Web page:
Velma and I are in a most desperate disagreement over the painting at the end of the hallway. It depicts a long, tall fellow in a mask, hat and whites. Quite unsettling, I think – the kind of baroque monstrosity one would expect in a baronial pile, surmounted by stag horns, rather than a modern ship like this.
(Perhaps it would suit The House on the Borderland? Why, Mr. William Hope, do come home, all is forgiven! Northern Star must, of course, do everything I think, right now, right down to a monogrammed ‘L’ on the napkins, because my name is Lucinda, Franklin O’Sullivan, and I am Michelangelo’s very own artistic muse. Ha!).
Velma, on the other hand, says there is much to admire, and that she tires of all this limp-wristed, thin-lining, and delicate floral dabs, and all the ‘meh, meh, meh’ potpourri of all that despicable modernism. Of course she’s a dyed-in-the-wool activist, who would – should everyone become an activist – become a bank clerk, just to agitate the whole damn thing.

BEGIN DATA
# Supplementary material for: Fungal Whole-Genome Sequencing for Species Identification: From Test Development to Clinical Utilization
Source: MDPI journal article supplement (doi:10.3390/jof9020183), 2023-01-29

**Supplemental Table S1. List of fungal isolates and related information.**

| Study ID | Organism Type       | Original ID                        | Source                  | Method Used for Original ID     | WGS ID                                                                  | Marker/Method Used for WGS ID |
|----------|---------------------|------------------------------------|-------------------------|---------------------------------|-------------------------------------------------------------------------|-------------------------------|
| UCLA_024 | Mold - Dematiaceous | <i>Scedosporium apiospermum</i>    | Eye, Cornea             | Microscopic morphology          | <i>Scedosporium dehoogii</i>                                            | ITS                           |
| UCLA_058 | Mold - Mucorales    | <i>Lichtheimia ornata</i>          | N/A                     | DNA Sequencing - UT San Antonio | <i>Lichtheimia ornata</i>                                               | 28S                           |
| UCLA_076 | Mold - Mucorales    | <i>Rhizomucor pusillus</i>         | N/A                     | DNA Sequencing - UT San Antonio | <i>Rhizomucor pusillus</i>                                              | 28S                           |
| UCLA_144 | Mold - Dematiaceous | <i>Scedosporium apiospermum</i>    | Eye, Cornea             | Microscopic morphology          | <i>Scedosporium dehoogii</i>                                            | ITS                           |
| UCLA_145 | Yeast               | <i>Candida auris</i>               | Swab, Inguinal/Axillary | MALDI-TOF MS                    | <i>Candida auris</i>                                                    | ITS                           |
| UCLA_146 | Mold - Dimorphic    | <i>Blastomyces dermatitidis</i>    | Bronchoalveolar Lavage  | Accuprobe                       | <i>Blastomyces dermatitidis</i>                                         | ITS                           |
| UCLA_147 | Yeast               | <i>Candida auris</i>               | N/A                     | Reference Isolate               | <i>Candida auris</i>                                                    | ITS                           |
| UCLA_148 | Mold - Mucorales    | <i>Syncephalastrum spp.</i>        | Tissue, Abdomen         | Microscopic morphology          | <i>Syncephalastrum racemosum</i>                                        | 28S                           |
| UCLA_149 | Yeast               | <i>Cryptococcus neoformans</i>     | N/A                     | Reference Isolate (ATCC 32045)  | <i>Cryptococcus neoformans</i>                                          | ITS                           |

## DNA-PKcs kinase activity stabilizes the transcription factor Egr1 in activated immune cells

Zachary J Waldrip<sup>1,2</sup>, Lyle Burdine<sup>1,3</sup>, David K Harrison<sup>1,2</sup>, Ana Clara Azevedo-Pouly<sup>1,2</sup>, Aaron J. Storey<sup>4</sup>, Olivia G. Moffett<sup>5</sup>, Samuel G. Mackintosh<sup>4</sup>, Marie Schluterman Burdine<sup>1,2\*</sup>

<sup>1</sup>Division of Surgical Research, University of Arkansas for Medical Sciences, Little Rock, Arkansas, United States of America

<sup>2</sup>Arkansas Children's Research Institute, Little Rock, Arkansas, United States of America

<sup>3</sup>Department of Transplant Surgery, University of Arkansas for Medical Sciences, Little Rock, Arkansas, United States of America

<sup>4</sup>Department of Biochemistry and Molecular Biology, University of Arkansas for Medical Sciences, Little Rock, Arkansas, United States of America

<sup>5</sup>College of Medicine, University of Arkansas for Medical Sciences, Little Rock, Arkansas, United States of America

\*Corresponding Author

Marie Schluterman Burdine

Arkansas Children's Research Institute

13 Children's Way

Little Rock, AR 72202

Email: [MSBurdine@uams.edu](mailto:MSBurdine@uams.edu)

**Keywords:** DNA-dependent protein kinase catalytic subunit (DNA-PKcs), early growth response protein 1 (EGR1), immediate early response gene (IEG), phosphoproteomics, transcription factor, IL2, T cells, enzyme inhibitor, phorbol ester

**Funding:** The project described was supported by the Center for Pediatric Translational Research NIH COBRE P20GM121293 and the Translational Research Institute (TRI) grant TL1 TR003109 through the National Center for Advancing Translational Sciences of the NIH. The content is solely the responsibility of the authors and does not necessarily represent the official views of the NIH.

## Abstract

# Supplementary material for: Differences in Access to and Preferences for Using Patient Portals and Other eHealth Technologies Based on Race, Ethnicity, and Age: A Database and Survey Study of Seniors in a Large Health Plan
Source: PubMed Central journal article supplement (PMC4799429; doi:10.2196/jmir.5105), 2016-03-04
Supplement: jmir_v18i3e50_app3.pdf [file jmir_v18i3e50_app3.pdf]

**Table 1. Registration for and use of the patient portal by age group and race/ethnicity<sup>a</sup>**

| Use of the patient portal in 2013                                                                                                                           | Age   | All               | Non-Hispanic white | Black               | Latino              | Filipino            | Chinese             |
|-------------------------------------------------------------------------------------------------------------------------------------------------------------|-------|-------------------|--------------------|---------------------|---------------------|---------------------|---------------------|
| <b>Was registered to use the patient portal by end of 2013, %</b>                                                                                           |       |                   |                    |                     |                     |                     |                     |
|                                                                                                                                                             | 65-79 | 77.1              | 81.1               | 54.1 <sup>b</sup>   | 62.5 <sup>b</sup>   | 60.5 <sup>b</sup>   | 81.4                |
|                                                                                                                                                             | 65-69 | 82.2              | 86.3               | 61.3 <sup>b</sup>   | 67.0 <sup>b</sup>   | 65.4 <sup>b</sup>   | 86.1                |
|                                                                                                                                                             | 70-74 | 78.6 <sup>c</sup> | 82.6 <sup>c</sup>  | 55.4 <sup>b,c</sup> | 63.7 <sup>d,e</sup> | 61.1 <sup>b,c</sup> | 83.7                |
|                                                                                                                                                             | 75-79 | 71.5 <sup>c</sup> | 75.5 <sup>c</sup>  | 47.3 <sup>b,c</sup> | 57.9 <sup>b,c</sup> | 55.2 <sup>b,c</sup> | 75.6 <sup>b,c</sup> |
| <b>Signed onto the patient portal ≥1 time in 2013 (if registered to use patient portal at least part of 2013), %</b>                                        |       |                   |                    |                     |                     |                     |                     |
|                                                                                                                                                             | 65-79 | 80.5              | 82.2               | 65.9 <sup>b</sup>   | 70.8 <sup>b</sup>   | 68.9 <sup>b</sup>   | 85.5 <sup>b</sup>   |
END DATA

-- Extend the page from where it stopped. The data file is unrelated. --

Anyway, I much prefer the painting with the dashing cavalryman on his white charger, or our lady of the ratty ermines; or if silver nitrate is your poison, then that photo of those gleeful fellows playing in their rat-a-tat band (above the carpeted stairs running down from the Mall). Though is the drumming fellow the self-same as our cavalryman? Brothers in arms at least?
So, with all this art on-board, why is it that I am drawn to, yet repulsed by that particular painting? It dwarfs me. It’s no great shakes with the brush – no sir. The fellow is surely mis-proportioned. I do not like his bearing. It seems cruel – disrespectful, somehow. Bacchanalian? Oh, I’m stumbling on the words.
I shall look again tomorrow, though I shall still not hand a golden laurel to the artist, I am sure. But a clench went through my stomach when I saw it, first – my own bow wave.
A fateful feeling?
Oh, Lucy. How silly.
Velma laughs at my quaint ways, but she’s jolly-well wrong about this painted fellow. There’s nothing good about him.